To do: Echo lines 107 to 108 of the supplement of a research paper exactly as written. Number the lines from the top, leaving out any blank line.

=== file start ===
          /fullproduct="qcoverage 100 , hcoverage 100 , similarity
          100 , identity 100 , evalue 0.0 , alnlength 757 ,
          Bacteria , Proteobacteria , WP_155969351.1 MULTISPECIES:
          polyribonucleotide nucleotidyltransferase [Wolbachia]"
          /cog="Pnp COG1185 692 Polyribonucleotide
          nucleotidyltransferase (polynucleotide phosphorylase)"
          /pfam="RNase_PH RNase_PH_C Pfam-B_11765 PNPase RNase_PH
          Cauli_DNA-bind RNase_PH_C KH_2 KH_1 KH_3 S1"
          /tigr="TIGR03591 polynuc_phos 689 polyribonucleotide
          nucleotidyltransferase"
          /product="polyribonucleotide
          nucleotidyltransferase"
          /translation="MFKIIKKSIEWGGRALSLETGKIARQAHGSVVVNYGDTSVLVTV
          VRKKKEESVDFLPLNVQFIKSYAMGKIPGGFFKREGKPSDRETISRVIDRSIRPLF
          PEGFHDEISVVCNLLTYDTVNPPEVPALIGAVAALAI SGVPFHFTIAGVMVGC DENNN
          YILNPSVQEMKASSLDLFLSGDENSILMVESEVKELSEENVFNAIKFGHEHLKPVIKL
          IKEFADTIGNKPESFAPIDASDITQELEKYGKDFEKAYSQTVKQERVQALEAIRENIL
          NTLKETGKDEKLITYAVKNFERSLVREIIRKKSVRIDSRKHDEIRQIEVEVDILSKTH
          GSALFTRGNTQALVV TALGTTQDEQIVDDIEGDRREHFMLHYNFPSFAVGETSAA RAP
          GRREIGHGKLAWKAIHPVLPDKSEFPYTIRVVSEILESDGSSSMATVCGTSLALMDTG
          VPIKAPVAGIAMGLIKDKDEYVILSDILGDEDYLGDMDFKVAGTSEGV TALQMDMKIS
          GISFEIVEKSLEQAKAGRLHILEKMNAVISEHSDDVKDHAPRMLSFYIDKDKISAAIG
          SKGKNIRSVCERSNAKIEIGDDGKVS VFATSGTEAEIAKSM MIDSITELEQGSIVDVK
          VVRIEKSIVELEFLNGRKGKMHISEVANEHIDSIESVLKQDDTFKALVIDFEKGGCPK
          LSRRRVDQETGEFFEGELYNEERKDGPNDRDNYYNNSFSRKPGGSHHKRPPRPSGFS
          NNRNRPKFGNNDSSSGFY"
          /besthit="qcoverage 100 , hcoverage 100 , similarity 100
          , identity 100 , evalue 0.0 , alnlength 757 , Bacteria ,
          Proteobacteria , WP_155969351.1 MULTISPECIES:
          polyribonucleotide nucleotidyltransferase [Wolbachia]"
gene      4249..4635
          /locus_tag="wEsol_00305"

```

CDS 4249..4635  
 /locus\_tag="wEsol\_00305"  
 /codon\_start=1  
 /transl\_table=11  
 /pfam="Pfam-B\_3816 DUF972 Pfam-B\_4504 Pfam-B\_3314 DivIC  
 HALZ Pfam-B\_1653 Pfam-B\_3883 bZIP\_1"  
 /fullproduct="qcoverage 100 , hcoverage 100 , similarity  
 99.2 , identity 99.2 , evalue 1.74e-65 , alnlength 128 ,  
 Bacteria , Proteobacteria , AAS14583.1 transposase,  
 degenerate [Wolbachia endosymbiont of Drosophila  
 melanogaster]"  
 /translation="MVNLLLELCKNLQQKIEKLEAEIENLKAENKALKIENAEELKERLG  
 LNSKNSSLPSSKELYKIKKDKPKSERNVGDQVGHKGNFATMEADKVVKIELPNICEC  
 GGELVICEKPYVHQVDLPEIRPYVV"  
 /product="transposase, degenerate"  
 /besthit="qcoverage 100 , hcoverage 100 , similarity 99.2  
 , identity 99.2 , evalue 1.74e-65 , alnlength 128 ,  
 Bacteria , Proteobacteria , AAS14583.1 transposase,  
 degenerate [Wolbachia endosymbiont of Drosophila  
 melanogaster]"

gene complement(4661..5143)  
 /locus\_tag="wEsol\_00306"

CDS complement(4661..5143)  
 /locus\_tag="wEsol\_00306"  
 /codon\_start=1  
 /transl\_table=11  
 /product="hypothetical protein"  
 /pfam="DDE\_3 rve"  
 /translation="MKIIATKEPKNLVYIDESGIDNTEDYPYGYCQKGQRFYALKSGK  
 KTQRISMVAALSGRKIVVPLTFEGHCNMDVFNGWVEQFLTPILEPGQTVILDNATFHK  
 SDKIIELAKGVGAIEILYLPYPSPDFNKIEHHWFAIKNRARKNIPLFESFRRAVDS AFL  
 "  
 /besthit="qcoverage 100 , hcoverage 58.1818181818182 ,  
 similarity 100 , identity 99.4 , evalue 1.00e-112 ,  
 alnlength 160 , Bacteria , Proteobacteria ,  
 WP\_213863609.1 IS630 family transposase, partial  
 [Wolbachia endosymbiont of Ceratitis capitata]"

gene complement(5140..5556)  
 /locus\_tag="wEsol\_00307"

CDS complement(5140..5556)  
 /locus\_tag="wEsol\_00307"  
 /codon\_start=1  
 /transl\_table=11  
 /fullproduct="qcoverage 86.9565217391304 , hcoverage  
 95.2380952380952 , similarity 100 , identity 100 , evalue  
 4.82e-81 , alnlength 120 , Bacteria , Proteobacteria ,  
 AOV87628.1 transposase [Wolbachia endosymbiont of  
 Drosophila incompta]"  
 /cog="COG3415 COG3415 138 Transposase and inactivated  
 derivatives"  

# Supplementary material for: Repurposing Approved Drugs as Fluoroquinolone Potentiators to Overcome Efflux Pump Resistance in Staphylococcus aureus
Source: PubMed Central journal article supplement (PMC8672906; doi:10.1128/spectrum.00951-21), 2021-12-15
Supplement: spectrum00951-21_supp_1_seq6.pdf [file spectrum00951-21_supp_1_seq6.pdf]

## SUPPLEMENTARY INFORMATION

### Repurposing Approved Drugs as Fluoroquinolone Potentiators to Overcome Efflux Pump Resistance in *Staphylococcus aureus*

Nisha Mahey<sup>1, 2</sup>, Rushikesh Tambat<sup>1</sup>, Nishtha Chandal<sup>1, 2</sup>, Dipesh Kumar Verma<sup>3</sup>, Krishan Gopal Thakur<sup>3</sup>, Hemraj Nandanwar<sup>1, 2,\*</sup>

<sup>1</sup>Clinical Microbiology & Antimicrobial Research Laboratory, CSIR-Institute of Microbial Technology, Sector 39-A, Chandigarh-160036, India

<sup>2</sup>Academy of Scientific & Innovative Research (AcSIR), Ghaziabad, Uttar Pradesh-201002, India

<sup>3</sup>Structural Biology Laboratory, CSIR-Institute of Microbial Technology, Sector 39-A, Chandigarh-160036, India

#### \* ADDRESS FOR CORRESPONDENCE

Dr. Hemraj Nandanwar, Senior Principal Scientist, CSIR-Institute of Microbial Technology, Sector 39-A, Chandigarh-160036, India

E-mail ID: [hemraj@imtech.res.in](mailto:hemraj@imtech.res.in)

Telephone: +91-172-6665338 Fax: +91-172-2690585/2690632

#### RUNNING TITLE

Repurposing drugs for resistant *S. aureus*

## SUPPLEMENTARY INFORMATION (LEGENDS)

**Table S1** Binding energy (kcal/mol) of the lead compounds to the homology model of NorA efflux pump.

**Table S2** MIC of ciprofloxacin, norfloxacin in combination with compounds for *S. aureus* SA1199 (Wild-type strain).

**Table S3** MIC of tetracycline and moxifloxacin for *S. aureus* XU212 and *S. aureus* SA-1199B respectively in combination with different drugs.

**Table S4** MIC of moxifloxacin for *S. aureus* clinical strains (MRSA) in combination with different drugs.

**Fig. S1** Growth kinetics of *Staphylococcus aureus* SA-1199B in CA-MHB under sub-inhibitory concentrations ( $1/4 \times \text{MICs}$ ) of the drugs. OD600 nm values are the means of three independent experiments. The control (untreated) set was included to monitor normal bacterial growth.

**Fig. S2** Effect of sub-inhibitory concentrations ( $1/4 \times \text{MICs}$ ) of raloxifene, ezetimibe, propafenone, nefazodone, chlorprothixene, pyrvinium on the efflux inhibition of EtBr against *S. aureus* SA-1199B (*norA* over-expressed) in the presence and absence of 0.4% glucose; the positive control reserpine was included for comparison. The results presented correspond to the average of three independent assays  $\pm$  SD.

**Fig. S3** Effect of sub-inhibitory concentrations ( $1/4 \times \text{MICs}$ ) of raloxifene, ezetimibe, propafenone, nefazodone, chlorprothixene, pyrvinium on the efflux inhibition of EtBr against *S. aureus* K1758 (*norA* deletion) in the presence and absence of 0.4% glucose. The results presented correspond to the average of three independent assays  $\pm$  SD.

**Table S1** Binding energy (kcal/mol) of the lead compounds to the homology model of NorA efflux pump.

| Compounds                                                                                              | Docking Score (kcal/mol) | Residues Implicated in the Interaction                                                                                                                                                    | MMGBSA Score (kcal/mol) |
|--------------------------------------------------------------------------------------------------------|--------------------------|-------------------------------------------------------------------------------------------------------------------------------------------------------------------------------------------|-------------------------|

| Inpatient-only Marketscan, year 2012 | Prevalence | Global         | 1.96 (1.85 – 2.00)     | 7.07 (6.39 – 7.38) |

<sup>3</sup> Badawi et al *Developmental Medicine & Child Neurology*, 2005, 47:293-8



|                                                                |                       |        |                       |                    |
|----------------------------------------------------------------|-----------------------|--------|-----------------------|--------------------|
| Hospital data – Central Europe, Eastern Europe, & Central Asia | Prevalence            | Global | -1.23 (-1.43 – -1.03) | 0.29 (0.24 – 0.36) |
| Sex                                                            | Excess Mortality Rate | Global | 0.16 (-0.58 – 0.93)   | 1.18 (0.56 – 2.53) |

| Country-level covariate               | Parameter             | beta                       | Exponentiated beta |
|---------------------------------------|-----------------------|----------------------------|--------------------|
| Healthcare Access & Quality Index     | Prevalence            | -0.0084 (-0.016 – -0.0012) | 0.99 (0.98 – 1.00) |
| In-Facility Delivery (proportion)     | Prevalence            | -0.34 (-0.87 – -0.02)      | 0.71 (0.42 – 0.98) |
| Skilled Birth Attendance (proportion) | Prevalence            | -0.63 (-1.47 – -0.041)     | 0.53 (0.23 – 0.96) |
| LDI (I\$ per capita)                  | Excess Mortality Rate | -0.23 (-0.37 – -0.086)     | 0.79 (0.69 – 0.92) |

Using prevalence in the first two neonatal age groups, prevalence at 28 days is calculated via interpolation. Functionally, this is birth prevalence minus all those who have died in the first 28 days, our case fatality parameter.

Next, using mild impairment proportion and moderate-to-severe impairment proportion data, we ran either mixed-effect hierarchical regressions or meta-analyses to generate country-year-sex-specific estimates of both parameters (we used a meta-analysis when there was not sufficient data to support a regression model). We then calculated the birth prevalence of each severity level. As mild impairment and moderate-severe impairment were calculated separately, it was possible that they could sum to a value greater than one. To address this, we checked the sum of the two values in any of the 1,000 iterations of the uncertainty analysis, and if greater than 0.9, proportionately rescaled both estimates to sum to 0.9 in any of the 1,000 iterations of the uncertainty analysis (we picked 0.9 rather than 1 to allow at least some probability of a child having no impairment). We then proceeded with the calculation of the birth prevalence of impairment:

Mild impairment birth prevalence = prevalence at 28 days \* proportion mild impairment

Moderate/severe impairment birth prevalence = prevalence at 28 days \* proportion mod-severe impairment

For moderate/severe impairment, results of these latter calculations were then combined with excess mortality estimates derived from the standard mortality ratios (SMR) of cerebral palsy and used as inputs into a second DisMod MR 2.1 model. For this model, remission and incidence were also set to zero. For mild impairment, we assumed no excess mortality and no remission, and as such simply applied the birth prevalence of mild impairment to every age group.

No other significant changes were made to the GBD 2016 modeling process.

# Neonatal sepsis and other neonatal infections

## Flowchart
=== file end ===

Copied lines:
**Table S1** Binding energy (kcal/mol) of the lead compounds to the homology model of NorA efflux pump.

| Compounds                                                                                              | Docking Score (kcal/mol) | Residues Implicated in the Interaction                                                                                                                                                    | MMGBSA Score (kcal/mol) |